Robots could transform UK social care sector

16 November 2020 5 min. read

The UK’s social care sector is facing a number of growing strains on its depleted resources. As carers are asked to do more with less, a new report suggests that embracing technology could be key to their success.

Traditional forecasts of ageing, including those based on the number and proportion of those aged 65 and older, show that Britain’s population is ageing at a significant rate. In 2018, 18% of the UK population was aged 65 years and over, compared with 10.8% in 1950. At the current rate, in the next 30 years that portion will rise to 24.8% – almost a quarter of the country.

This is already placing notable strain on the National Health Service and the country’s pension pots – but in the coming years it is also pushing the country’s social care system to breaking point. While the growing number of senior citizens unable to care for themselves, or who require support to see out their final days comfortably, is similarly spiking in countries such as Germany, France, Spain, Italy and Japan, however, a severe lack of funding in the UK means the social care sector is being swamped by demand.

Robots could transform UK social care sector

According to a new study from advisory firm PA Consulting, a key way of addressing the situation may be the deployment of robotic solutions. The research suggests that the coronavirus pandemic raised the prominence of technology in care, as many organisations looked to do more with less across a range of different lines of work. For example, collaborative robots ( or ‘cobots’) – have been piloted to support protect carers as they deliver physical care, and lift or move care receivers.

PA itself recently collaborated with Argenti Care Technology Partnership and Hampshire County Council to launch the first-ever collaborative robots in the UK care sector.

Current estimates suggest that 800,000 new social care workers will be needed to meet with demand by 2035, while there is a £6 billion funding gap which must be plugged to staff this. At present, these resources are not available to the sector, and PA’s report contends that cobots are just one way of enabling carers to cover more ground without sacrificing their own welfare.

Graham Allen, Director of Adults’ Health & Care, Hampshire County Council said, “There simply isn’t a workforce we can grow fast enough unless we try to innovate and do things differently. If you focus on the outcome then you can use a range of different mechanisms to achieve it. If you think the only resources at your disposal are care staff, you’re constrained.”

PA’s report suggests that carers in Hampshire involved in the cobot trial are reporting a significant reduction in fatigue and strain on their bodies when they provide physical support to service users. Meanwhile, the white paper contends that there are indications that care for a person with complex needs, which may previously have required two carers working together, can in some instances be delivered by a single individual using a cobot and other specialist equipment. While the pilot is still exploring legislative, regulatory and procurement factors relating to the technology, the trial seems to support the use of technology to help carers cope with their increasing workload.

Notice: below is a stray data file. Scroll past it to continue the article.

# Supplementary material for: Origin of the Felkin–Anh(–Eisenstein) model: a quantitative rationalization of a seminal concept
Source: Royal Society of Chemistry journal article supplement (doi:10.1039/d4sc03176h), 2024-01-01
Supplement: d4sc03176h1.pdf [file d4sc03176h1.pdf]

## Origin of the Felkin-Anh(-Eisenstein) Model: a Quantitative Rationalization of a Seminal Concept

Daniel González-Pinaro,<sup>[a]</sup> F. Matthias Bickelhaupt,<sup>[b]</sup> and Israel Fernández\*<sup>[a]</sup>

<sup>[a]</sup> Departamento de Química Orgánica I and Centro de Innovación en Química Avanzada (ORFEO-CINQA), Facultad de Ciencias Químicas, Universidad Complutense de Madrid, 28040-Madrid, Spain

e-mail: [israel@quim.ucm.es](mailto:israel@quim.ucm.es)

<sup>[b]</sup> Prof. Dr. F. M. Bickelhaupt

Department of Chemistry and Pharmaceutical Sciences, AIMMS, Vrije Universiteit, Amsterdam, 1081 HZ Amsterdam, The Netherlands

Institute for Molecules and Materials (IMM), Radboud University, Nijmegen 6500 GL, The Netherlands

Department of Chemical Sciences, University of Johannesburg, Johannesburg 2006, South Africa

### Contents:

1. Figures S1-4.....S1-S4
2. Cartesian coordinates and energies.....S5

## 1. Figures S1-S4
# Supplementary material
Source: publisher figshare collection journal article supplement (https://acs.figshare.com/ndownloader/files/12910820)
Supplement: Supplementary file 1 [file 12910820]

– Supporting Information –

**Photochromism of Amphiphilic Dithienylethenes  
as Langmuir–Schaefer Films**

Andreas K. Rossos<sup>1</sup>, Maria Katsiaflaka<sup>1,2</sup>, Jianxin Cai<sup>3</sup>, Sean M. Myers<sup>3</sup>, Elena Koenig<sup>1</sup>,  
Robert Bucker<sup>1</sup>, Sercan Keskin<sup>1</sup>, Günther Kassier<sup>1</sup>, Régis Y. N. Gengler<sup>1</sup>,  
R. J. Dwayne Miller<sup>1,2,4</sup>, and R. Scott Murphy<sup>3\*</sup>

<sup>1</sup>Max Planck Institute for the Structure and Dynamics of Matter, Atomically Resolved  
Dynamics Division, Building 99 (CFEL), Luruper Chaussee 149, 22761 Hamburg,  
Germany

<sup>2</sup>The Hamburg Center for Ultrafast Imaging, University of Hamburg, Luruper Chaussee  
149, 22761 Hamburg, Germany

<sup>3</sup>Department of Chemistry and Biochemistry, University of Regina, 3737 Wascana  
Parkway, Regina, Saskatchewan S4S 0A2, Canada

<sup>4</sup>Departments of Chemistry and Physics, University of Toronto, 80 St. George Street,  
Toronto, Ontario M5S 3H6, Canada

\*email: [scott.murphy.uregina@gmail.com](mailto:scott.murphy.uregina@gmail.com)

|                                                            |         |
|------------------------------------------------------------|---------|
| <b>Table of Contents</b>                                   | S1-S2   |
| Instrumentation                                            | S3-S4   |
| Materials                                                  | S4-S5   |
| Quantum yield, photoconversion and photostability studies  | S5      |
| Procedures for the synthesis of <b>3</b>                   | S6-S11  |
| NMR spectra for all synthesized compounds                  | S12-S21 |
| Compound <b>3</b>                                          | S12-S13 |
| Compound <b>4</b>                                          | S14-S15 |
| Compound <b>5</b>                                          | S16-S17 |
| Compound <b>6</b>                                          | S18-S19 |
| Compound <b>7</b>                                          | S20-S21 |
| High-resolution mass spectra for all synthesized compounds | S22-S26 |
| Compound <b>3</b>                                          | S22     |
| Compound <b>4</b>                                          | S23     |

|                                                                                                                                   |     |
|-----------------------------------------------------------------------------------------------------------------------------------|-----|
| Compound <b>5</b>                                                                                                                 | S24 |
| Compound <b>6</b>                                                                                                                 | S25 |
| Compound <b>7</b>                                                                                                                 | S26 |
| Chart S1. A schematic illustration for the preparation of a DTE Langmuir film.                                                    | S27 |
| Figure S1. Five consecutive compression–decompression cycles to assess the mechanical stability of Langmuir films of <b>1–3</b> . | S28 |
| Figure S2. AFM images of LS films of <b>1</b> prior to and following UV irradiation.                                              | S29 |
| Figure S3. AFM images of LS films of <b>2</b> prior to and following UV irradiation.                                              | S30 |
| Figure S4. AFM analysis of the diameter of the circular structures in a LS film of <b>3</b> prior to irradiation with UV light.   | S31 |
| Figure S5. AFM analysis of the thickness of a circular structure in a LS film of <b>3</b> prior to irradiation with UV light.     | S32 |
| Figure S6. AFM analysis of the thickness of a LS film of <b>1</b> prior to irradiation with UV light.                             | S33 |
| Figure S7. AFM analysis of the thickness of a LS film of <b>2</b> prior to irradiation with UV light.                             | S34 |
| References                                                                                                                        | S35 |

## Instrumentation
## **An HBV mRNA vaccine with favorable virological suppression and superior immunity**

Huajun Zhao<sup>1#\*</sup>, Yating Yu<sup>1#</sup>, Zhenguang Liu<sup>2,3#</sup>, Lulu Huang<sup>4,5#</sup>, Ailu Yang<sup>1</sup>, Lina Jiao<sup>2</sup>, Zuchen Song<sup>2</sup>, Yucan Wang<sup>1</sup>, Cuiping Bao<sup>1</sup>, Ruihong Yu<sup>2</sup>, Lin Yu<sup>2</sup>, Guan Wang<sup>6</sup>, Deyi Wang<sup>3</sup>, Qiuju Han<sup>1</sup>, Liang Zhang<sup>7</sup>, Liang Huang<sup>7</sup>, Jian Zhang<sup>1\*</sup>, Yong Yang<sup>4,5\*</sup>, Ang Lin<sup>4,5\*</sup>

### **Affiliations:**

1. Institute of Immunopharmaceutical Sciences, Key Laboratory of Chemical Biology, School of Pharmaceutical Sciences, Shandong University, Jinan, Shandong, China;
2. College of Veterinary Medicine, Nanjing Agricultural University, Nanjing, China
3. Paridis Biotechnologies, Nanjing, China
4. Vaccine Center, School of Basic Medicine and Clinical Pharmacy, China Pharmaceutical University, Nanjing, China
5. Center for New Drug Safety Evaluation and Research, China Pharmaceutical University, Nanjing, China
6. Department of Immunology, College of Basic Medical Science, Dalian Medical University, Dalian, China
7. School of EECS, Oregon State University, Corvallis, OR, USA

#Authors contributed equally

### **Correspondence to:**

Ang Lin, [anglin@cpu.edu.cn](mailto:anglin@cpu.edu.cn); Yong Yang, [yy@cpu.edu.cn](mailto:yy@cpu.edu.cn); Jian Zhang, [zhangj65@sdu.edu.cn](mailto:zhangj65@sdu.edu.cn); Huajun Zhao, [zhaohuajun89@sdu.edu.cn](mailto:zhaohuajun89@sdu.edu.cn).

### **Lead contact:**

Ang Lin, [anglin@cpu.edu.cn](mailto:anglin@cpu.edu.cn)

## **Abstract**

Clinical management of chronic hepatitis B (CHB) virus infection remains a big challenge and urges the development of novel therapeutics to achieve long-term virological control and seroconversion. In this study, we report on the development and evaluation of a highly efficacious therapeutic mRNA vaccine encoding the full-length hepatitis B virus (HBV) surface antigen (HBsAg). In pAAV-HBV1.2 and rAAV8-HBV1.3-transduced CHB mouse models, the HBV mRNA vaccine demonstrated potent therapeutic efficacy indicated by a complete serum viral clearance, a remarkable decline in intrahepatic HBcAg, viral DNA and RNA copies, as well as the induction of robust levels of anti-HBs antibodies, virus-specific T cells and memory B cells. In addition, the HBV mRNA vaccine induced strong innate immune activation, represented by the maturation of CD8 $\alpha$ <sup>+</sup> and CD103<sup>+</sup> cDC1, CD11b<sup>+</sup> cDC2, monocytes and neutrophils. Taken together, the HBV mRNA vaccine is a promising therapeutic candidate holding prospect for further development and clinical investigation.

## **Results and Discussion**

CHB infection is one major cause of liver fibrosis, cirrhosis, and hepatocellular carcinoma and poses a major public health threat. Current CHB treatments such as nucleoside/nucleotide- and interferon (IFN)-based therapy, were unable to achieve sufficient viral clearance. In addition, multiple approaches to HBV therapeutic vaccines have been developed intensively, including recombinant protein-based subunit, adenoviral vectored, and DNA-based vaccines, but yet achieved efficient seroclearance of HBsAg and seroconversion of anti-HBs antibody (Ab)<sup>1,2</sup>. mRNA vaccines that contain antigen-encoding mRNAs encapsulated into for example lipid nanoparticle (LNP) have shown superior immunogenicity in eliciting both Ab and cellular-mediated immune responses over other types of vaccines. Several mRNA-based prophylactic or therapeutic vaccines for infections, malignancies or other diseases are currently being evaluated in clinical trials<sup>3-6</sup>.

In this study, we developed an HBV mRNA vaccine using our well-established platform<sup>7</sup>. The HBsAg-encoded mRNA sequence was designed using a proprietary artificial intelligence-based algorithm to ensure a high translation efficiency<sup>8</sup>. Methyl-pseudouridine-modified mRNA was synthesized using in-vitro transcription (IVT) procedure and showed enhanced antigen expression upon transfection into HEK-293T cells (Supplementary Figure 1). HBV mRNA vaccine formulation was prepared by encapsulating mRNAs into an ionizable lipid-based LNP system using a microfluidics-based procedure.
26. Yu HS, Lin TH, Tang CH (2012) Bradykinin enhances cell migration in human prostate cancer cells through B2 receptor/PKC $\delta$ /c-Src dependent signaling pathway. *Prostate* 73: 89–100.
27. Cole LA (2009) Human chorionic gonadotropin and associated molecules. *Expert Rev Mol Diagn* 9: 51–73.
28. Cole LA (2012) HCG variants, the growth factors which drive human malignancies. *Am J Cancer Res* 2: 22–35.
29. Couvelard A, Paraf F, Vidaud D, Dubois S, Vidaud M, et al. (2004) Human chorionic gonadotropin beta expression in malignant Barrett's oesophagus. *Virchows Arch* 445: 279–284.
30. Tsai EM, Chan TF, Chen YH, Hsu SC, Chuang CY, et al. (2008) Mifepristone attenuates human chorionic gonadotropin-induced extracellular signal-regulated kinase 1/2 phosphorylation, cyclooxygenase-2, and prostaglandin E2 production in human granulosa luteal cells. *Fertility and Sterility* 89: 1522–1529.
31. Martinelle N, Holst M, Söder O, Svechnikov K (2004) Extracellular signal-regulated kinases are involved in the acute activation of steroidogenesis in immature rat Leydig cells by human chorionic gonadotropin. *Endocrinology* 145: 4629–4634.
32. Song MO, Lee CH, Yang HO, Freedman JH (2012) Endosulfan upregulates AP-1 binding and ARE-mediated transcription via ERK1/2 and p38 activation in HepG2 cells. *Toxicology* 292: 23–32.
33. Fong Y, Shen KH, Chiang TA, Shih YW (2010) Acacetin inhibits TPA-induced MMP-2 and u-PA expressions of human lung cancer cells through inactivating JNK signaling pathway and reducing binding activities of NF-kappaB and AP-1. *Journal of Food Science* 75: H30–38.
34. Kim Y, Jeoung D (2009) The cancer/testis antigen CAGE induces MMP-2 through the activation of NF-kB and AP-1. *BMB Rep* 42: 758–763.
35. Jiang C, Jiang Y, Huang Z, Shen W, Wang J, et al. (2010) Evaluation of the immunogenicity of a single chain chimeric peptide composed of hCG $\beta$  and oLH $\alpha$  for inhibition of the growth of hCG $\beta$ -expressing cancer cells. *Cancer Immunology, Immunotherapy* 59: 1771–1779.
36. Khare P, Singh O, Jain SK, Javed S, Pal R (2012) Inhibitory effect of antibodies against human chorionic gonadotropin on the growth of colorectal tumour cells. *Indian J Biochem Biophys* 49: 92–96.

Similarly, PA’s researchers also highlight a number of other technological advances which may soon enter the industry. These include semi-humanoid robots, which can mimic human characteristics to help facilitate social interaction with people living with dementia or with autism spectrum disorder. Robotic animals could also be deployed to serve as companions with people living with dementia or learning disabilities, while digital assistants could be used to help support home care needs, making it easier for individuals to control their environment despite suffering from declining health.

Robotics may also help provide care in future pandemics, or during a further resurgence of Covid-19. PA is also working with almost 70 different municipalities in Norway to support the implementation of medicine robots. The devices help people take their medication independently for up to 28 days, while providing an alert to carers if a dose is missed.

Before the pandemic, this freed carers to focus on other aspects of care – but during the pandemic, a second benefit emerged, as this also reduced the number of visits a carer had to make to a service user, limiting direct contact. As 29.3% of all deaths of care home residents during the UK’s first Covid-19 wave, this kind of technology could prove a crucial way to prevent infections.

Steve Carefull, Social Care Technology lead at PA Consulting, commented, “Now is the moment for care leaders to act. The coronavirus pandemic raised the prominence of care workers as they placed themselves and their families at risk to support society’s most vulnerable. The pandemic also accelerated technology adoption, with innovative approaches being implemented much more rapidly than before.”

 “Our collaboration with leaders in adult social services has shown the potential for robotic technologies to transform care. Working together, we can choose to create a future where robotics unlocks new opportunities and efficiencies… and where we create a positive human future in a technology-driven world.”